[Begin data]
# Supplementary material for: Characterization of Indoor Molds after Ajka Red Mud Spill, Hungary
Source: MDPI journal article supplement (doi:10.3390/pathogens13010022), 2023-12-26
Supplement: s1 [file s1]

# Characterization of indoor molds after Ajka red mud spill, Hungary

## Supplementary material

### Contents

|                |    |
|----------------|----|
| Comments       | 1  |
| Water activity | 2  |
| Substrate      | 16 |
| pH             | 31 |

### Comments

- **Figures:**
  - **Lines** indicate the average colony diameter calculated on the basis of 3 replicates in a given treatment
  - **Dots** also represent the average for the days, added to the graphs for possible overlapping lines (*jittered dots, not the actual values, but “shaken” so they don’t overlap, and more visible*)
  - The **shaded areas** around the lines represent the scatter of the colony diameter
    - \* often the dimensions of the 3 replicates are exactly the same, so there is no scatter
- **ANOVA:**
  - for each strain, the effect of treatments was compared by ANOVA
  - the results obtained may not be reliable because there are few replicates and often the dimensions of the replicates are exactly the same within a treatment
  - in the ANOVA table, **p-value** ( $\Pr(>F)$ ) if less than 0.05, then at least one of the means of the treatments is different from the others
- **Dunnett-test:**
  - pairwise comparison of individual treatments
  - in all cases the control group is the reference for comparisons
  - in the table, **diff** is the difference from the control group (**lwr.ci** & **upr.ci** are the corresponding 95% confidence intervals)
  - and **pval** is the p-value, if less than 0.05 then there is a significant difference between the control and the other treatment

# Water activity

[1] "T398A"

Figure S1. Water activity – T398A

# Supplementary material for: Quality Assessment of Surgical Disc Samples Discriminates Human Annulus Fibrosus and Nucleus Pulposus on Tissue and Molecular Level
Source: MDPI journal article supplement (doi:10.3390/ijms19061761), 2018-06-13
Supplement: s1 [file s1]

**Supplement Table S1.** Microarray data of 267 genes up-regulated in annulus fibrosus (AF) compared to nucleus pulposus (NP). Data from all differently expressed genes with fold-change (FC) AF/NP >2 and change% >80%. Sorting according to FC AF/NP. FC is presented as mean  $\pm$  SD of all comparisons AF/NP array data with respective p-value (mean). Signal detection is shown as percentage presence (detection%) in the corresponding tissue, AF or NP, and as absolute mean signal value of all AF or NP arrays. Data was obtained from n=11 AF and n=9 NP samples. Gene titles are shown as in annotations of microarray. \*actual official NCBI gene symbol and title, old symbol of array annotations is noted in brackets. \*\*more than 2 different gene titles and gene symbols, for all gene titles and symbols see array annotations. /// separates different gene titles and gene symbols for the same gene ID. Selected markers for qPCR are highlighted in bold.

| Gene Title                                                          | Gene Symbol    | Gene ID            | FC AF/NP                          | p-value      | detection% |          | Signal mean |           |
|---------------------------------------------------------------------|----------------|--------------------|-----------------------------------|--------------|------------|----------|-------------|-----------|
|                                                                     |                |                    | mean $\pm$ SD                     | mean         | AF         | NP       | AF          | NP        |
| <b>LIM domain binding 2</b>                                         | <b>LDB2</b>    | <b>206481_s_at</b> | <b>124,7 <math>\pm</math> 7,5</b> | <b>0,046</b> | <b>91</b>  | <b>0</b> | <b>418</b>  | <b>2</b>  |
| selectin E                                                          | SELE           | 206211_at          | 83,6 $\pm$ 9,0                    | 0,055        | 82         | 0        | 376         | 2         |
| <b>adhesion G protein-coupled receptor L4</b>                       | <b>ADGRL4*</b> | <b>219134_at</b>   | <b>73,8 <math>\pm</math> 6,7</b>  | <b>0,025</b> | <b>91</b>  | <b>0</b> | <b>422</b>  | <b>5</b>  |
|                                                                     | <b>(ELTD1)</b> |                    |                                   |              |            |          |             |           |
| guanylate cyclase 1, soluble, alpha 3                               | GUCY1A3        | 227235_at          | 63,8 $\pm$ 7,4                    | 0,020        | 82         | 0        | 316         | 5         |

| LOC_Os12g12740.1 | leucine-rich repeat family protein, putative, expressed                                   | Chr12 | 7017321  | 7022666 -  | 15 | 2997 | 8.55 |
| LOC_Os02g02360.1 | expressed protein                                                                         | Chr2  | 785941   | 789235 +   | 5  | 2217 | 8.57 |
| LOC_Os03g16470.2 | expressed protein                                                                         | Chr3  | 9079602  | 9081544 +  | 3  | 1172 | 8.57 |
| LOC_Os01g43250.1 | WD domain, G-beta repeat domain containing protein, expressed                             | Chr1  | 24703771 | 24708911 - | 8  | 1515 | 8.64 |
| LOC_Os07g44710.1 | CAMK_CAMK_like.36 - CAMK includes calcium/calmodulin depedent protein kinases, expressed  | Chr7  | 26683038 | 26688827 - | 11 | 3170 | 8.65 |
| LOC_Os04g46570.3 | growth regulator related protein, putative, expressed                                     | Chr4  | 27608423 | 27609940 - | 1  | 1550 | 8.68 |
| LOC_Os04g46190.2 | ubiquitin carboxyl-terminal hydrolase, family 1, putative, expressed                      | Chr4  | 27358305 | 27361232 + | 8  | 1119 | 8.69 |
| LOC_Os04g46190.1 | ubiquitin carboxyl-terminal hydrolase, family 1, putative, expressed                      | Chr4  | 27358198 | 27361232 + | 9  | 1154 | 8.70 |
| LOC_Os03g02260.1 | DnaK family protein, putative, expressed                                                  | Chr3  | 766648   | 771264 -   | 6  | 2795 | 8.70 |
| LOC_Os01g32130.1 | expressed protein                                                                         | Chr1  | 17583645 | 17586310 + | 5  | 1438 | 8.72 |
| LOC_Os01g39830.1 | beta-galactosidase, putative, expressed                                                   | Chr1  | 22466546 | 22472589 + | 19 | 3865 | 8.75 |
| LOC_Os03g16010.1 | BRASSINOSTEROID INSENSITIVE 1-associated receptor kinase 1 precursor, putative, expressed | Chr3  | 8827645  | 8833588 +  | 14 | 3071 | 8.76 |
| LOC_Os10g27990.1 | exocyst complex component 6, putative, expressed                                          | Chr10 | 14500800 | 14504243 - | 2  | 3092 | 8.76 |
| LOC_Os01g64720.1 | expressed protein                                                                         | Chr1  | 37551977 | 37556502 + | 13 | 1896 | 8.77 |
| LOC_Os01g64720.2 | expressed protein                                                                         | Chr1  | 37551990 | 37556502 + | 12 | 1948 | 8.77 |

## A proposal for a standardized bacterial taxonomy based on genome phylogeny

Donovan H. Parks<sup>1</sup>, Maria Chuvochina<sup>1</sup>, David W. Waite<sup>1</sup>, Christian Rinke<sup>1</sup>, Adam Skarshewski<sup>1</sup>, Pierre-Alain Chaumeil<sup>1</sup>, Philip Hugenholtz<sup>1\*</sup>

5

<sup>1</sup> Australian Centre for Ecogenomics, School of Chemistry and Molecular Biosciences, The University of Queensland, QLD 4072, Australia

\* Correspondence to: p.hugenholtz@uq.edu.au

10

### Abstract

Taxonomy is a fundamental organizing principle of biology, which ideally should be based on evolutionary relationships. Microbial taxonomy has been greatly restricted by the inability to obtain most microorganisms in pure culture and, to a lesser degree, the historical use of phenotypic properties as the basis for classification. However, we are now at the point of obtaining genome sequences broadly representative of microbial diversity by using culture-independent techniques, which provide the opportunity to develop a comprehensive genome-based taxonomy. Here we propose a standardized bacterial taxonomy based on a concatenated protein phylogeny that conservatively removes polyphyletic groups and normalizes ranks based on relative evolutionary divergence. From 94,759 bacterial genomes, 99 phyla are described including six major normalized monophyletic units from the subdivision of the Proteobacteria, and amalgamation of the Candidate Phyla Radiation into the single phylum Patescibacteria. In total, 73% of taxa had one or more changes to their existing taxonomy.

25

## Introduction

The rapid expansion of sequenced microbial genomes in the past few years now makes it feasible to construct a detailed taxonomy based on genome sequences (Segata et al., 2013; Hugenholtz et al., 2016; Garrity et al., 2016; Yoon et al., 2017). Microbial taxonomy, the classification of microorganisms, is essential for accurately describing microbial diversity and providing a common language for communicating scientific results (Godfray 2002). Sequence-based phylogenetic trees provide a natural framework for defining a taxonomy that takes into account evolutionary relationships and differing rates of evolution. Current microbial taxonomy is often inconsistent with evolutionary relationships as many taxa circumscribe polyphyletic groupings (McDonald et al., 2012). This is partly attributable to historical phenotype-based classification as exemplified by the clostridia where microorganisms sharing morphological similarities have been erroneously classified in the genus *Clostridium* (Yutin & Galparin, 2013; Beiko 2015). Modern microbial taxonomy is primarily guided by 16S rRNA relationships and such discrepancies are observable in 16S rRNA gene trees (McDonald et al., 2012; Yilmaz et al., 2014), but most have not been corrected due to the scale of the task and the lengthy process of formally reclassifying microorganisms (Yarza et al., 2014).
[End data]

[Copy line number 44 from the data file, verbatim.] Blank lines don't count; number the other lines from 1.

| LOC_Os02g02360.1 | expressed protein                                                                         | Chr2  | 785941   | 789235 +   | 5  | 2217 | 8.57 |